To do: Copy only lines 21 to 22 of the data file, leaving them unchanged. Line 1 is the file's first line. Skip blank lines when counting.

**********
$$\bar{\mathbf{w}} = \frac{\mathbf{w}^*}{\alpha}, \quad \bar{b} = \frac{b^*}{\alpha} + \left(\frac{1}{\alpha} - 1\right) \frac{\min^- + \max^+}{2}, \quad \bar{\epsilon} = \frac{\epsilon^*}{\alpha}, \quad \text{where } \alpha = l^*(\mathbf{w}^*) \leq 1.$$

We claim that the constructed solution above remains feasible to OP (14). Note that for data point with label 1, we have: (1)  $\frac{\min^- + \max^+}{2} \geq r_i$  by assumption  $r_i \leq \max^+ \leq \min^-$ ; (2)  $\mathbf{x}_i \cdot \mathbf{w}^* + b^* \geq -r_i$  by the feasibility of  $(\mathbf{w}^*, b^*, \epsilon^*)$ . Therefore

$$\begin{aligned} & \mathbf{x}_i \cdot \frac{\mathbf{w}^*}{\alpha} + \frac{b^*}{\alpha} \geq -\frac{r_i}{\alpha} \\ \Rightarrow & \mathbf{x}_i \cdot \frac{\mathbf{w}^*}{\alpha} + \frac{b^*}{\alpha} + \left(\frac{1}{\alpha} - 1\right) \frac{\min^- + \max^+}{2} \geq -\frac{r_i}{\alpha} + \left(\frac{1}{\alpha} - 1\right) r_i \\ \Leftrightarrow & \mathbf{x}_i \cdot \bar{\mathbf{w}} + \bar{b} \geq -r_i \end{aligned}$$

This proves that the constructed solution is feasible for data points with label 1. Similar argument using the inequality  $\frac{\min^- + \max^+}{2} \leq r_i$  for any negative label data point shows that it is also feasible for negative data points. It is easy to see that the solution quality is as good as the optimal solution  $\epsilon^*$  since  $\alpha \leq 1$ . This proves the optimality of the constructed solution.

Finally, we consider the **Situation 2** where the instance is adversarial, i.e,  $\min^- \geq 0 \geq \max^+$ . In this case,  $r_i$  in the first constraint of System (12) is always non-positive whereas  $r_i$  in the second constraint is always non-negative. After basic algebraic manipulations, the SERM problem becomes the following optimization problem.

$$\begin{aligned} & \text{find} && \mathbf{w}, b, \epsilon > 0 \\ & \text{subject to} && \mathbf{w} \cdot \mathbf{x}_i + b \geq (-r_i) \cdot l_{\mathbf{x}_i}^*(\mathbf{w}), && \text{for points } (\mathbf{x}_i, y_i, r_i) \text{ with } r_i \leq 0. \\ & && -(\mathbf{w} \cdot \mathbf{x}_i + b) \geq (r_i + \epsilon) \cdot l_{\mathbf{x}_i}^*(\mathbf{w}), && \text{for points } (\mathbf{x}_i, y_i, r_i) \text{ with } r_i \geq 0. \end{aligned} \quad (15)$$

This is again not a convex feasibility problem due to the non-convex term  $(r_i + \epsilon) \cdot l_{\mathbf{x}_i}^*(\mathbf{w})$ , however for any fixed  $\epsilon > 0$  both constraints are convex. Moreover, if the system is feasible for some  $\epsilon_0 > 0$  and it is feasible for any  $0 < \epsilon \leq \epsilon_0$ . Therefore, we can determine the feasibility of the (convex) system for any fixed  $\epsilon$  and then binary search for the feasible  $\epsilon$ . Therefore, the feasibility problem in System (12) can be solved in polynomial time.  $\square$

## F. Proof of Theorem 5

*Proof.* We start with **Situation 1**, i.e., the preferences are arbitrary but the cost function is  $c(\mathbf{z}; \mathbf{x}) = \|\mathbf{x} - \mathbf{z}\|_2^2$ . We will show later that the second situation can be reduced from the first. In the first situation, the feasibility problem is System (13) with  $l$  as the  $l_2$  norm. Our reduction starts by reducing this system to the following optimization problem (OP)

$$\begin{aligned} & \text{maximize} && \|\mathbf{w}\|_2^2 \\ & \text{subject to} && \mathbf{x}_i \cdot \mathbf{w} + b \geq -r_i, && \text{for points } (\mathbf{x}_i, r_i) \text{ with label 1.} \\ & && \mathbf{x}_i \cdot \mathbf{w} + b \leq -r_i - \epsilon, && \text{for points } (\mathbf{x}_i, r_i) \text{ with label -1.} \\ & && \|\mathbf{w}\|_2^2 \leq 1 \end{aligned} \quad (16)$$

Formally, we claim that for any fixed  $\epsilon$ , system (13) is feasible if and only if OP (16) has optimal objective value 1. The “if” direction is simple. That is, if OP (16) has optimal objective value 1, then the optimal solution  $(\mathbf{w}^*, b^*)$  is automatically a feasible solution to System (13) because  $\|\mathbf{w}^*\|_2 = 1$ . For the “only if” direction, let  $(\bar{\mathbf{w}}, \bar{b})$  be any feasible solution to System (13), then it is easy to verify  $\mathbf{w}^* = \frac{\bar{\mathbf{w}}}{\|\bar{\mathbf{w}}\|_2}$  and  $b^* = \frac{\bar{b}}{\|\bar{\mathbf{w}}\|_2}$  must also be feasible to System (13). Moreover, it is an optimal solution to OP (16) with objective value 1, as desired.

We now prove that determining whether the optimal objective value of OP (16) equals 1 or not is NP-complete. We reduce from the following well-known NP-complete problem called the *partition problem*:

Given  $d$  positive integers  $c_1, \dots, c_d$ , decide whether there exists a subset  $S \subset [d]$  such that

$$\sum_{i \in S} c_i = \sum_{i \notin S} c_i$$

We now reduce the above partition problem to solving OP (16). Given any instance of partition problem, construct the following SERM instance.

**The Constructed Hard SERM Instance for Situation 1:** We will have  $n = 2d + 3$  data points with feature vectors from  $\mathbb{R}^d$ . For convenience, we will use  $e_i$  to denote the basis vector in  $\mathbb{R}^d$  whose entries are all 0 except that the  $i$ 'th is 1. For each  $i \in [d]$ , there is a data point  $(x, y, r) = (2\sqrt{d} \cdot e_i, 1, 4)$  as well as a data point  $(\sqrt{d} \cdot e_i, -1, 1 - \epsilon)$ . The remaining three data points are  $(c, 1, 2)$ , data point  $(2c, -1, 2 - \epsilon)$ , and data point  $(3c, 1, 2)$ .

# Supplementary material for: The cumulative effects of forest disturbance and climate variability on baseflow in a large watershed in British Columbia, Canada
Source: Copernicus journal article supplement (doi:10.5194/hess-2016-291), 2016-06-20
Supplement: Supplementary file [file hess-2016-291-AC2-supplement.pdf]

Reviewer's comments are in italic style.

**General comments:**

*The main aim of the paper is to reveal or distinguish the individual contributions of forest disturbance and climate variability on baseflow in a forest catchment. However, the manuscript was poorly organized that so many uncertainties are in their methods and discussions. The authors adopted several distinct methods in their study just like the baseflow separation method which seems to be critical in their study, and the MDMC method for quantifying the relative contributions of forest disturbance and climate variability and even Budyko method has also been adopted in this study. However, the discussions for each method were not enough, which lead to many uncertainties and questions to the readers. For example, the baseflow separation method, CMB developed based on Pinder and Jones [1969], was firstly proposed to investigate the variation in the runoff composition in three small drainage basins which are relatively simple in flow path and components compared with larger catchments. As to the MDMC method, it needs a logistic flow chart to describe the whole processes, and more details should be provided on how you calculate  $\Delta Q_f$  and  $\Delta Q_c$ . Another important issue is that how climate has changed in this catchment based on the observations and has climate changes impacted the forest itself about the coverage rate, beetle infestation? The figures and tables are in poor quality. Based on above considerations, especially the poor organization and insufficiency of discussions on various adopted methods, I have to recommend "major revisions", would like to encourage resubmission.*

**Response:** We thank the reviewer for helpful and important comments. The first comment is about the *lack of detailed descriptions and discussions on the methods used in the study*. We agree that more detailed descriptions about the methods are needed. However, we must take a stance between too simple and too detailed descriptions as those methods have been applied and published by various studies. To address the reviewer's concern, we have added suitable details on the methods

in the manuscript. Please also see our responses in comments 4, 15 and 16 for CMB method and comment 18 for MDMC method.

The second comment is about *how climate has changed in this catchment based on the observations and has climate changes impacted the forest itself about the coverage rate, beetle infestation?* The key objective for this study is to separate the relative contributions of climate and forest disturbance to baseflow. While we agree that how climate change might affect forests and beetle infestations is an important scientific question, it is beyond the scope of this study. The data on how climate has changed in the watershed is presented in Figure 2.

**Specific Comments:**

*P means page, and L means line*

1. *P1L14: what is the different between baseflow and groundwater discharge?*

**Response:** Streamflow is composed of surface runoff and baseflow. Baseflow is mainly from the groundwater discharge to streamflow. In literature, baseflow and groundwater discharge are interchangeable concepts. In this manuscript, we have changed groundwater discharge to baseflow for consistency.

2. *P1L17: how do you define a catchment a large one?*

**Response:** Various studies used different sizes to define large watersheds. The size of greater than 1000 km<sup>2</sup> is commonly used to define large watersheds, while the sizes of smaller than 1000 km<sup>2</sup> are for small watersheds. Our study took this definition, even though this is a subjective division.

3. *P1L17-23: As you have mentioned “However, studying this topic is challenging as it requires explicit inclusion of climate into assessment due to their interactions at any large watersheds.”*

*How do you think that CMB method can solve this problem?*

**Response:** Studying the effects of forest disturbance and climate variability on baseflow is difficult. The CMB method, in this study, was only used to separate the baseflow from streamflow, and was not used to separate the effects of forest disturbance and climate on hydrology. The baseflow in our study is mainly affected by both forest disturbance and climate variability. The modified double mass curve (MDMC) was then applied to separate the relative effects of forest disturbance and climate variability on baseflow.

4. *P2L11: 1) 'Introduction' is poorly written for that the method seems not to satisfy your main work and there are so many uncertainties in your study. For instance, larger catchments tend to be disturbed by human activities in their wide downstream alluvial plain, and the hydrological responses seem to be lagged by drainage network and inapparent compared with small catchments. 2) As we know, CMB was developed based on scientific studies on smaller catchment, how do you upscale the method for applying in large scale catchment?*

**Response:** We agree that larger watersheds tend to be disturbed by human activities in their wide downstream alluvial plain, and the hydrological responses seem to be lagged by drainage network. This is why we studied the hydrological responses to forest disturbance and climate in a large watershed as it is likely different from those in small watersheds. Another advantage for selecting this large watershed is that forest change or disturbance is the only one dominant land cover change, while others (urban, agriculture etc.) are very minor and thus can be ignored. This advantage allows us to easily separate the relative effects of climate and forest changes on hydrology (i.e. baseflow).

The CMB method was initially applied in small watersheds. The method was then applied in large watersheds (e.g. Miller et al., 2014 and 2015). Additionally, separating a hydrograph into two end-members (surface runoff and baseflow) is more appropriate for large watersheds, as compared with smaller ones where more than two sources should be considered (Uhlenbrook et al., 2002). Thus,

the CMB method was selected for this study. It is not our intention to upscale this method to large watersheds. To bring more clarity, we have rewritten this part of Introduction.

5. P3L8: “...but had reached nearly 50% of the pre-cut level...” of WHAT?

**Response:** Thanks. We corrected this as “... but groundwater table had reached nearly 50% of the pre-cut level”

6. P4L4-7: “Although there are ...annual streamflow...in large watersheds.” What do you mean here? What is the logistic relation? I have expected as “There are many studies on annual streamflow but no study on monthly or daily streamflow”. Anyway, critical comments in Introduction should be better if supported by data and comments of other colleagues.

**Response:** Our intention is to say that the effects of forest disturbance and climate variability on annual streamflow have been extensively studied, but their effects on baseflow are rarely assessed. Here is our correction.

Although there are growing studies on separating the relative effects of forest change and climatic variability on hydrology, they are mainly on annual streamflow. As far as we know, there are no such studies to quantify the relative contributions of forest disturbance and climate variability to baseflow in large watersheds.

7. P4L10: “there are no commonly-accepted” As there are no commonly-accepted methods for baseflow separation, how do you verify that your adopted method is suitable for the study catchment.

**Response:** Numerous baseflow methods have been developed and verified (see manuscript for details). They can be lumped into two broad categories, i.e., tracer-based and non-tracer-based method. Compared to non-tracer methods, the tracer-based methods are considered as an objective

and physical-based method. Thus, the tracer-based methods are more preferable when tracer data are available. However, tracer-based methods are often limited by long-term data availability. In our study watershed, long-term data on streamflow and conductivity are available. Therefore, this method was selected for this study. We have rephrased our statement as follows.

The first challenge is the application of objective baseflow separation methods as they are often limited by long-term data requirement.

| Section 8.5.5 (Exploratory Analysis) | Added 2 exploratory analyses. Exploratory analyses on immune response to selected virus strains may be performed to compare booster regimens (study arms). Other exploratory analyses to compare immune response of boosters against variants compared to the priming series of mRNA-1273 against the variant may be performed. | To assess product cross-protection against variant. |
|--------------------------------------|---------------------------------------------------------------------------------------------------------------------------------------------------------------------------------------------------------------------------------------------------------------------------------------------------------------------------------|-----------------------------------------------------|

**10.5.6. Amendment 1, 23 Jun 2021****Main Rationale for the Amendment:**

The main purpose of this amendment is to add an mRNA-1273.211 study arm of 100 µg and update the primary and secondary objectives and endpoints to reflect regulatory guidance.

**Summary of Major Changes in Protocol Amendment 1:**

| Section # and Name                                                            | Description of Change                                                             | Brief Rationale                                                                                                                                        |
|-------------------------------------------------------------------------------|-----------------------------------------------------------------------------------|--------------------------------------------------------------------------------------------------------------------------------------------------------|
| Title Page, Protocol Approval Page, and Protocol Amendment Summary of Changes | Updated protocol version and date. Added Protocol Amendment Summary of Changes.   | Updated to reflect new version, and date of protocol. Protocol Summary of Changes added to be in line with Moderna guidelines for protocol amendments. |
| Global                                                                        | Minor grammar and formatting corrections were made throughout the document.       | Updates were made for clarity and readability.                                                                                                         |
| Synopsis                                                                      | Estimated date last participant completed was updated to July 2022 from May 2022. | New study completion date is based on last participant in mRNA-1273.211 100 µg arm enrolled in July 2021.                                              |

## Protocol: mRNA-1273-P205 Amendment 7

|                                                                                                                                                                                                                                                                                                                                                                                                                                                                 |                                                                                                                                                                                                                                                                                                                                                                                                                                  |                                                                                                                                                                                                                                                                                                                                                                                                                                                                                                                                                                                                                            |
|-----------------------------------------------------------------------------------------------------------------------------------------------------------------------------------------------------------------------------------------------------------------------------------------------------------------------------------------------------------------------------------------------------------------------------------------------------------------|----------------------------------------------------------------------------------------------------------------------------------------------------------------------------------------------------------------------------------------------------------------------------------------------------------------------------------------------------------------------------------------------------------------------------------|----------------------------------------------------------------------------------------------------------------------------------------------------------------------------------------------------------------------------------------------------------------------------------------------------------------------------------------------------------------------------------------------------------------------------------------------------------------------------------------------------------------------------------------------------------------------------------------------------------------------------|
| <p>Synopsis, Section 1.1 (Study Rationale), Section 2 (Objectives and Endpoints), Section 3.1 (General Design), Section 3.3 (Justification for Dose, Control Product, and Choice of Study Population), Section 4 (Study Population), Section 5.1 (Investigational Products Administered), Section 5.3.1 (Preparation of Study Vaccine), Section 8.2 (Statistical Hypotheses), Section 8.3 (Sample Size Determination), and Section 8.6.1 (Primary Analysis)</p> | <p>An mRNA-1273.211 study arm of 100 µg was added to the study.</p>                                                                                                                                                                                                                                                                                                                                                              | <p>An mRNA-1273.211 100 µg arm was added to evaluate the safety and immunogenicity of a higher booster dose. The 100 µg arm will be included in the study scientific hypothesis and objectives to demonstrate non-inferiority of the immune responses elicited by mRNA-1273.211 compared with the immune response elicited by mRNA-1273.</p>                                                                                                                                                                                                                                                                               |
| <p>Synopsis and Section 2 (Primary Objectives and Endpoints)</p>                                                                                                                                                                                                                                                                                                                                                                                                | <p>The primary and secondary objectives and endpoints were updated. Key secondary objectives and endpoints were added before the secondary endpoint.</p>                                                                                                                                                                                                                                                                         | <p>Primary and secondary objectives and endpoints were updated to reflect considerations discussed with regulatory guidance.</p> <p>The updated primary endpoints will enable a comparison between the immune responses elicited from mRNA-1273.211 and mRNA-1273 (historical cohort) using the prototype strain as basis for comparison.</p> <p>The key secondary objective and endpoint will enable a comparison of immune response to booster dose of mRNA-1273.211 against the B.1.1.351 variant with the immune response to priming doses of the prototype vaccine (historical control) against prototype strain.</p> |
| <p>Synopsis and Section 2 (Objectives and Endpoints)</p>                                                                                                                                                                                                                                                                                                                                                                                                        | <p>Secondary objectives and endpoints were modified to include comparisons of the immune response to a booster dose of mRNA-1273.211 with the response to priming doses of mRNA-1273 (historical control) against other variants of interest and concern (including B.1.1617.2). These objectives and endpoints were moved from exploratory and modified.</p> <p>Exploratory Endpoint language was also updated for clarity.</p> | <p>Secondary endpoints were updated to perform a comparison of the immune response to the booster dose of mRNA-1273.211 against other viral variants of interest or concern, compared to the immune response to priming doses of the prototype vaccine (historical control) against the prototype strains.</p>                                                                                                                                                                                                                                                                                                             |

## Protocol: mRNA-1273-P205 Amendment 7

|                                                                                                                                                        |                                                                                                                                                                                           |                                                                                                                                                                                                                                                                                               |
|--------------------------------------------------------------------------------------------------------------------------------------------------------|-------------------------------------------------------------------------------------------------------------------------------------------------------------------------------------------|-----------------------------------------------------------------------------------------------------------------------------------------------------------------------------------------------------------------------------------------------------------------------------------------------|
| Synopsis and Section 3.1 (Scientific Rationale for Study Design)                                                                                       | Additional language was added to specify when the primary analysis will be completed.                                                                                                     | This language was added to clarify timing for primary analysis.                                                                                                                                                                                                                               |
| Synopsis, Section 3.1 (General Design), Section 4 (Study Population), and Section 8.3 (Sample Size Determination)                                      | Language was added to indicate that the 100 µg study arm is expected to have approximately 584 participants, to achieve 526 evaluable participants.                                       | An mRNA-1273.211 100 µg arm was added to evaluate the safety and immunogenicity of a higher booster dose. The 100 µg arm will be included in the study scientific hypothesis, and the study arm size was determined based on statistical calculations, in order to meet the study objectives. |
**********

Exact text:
**General comments:**

*The main aim of the paper is to reveal or distinguish the individual contributions of forest disturbance and climate variability on baseflow in a forest catchment. However, the manuscript was poorly organized that so many uncertainties are in their methods and discussions. The authors adopted several distinct methods in their study just like the baseflow separation method which seems to be critical in their study, and the MDMC method for quantifying the relative contributions of forest disturbance and climate variability and even Budyko method has also been adopted in this study. However, the discussions for each method were not enough, which lead to many uncertainties and questions to the readers. For example, the baseflow separation method, CMB developed based on Pinder and Jones [1969], was firstly proposed to investigate the variation in the runoff composition in three small drainage basins which are relatively simple in flow path and components compared with larger catchments. As to the MDMC method, it needs a logistic flow chart to describe the whole processes, and more details should be provided on how you calculate  $\Delta Q_f$  and  $\Delta Q_c$ . Another important issue is that how climate has changed in this catchment based on the observations and has climate changes impacted the forest itself about the coverage rate, beetle infestation? The figures and tables are in poor quality. Based on above considerations, especially the poor organization and insufficiency of discussions on various adopted methods, I have to recommend "major revisions", would like to encourage resubmission.*